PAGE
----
Porreca, J.c.c., Temporarily Assigned.
In December 1973 plaintiff's automobile was struck while parked. Defendant, the driver of the car that struck plaintiff's vehicle, admitted liability and the case comes before the court solely for the purpose of assessing damages. It was established that the cost of repairing the car, about $800, exceeded its fair market value, and both parties stipulated that the car was a total loss. In addition to the difference between the fair market value of the car before the accident and its salvage value, plaintiff sought to recover $26.25 for towing, $213.30 for rental expenses, and $268 for storage. The defendant objected to any award being made for a rental car, and to the size of the amount requested for storage.
A plaintiff in a tort action is entitled to recover in damages for provable personal injury, property damage and economic loss proximately caused by the negligence of another. The rule in New Jersey, at least in cases of partial destruction of a vehicle, is that reasonable loss-of-use damages are recoverable as economic loss where such damages are capable of clear proof. Hintz v. Roberts, 98 N.J.L. 768 (E. & A. 1923); Graves v. Baltimore & New York Ry. Co., 76 N.J.L. 362 (Sup. Ct. 1908). In the Hintz case, the court stated:
No doubt where, through an injury to an automobile, the plaintiff is temporarily deprived of its use the measure of damages is the amount of injury to the automobile, together with the value of its use during the time required, by the exercise of proper diligence, to procure its repair. [98 N.J.L. at 771]
This appears to be the majority rule. See cases cited in 18 A.L.R. 3d 497, 508-511.
Where there has been a total destruction of the vehicle, however, as in this case, some courts have refused to award loss-of-use damages. See cases cited in 18 A.L.R. 3d 497, 516-519. The rationale has been that where a plaintiff recovers the full fair market value of the vehicle destroyed, he has been made whole thereby. This rule has not been
accepted in any reported New Jersey case and is logically inconsistent with the New Jersey rule permitting recovery for loss-of-use in partial destruction cases.
When an automobile is damaged through the negligence of another, temporary loss of the use of such vehicle pending repair or replacement is a reasonably foreseeable consequence of the defendant's tortious conduct. Compensation for the temporary loss of use is directed at plaintiff's economic loss, the amount of money plaintiff had to pay for rental of a car. This is an injury different in kind from property damage, the amount of money necessary to repair or replace the damaged vehicle. A plaintiff in a total destruction case deprived of his reasonable loss-of-use expenses has simply not been made whole. It would be illogical and unjust to make recovery of this component of economic loss depend upon the extent of property damage to the vehicle. Where the need for a substitute vehicle is clearly established and where such vehicle is actually procured for a reasonable time, a plaintiff is entitled to recover for out-of-pocket expenses in renting the substitute vehicle whether the property damage to plaintiff's car is partial or total.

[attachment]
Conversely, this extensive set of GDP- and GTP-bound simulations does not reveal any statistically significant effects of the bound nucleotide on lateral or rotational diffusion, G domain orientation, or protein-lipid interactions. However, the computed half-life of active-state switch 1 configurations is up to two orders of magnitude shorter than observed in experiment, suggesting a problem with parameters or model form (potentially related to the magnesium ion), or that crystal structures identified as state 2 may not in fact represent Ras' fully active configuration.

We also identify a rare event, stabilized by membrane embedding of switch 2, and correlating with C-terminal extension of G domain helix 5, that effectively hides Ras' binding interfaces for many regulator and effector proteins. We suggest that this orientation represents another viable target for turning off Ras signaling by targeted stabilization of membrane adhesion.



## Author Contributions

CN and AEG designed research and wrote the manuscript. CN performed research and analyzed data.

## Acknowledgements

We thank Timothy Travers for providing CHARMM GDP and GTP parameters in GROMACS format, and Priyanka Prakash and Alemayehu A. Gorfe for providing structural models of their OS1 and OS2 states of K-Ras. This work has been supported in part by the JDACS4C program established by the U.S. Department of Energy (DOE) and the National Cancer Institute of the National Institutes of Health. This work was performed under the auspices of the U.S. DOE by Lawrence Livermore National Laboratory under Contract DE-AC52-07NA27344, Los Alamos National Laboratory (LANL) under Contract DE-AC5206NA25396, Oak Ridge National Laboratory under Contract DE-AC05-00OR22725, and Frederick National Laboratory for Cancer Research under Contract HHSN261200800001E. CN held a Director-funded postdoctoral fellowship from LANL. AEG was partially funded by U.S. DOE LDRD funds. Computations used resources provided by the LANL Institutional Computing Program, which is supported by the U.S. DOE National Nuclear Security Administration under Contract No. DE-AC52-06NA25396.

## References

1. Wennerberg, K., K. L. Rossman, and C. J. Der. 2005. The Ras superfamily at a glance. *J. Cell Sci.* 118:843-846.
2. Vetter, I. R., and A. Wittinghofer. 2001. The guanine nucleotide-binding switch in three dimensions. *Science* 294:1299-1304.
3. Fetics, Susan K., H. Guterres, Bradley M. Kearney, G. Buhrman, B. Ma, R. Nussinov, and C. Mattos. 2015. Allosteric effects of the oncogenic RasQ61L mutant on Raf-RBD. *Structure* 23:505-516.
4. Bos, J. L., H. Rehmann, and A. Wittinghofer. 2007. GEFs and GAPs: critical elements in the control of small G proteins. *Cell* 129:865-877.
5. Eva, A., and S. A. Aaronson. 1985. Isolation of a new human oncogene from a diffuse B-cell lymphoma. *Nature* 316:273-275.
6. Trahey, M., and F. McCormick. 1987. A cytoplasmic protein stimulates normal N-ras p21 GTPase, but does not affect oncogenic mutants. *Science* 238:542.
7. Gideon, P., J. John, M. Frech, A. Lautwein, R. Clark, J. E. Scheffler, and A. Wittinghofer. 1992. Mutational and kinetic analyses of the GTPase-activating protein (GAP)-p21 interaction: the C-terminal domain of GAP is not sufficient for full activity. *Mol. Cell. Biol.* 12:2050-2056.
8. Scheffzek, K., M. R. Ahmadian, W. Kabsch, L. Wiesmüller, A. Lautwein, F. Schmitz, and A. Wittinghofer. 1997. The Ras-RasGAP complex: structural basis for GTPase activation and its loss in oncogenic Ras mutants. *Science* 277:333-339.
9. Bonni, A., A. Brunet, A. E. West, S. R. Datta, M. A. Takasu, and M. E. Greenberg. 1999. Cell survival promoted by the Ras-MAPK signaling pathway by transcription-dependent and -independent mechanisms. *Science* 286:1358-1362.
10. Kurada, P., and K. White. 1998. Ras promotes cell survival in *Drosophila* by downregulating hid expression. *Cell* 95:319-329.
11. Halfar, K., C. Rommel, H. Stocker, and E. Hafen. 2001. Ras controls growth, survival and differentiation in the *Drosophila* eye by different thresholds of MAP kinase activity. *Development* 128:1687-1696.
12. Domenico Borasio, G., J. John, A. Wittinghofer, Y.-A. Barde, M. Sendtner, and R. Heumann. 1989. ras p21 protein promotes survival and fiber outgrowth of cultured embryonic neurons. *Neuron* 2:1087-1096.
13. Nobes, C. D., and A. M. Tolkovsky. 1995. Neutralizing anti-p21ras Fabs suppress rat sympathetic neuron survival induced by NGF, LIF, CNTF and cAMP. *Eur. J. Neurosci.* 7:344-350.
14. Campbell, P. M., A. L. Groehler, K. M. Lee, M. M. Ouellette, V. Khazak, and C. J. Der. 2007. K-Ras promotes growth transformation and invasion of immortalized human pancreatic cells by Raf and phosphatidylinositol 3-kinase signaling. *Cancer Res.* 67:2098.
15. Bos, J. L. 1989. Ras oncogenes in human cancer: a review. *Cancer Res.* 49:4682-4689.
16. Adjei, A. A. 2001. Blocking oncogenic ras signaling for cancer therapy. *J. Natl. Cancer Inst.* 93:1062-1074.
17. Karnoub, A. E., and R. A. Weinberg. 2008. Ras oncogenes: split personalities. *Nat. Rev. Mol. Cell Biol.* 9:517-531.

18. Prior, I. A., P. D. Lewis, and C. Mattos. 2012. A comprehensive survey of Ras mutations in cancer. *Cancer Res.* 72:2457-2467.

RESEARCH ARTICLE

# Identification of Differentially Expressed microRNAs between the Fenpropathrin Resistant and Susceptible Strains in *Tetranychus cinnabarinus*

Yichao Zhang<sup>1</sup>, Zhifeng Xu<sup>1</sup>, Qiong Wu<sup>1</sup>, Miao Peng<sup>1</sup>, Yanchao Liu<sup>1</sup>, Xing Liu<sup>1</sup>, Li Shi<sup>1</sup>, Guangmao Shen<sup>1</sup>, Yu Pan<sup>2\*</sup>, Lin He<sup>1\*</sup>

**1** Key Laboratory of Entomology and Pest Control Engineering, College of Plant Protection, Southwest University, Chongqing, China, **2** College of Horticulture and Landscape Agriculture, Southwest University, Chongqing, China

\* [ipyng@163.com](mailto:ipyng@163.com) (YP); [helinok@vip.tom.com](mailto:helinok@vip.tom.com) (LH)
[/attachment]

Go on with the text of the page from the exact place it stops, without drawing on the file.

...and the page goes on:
In the case at bar plaintiff established both her need for a car during the 2 I/2 week period between the date of the accident and the date on which a replacement vehicle was purchased, and the reasonableness of this period. Plaintiff was an elderly woman in a rural community which was without public transportation. The loss occurred December 21. She particularly needed a car for transportation during the Christmas-New Year holiday season. Given the time of the year and the type of vehicle properly being sought, namely a used economical vehicle, 2 I/2 weeks was not an unreasonable amount of time for her to seek, find, finance and have delivered a replacement vehicle. The plaintiff is therefore entitled to recoup her full rental expenses.
The storage of a damaged vehicle for a reasonable period of time, pending a determination of the extent of
the damage and the advisability of repair, is another reasonably foreseeable expense for which the tortfeasor should be held liable. In the instant case, however, storage fees were permitted to accumulate at the rate of $1 a day for nearly nine months. Such a period of time was clearly unreasonable under the circumstances. Within two weeks of the accident plaintiff knew that the cost of repairing her car exceeded its fair market value and the search for a replacement vehicle was on. She should have promptly made arrangements to dispose of the car at that time. Plaintiff is not entitled to recover storage expenses in excess ...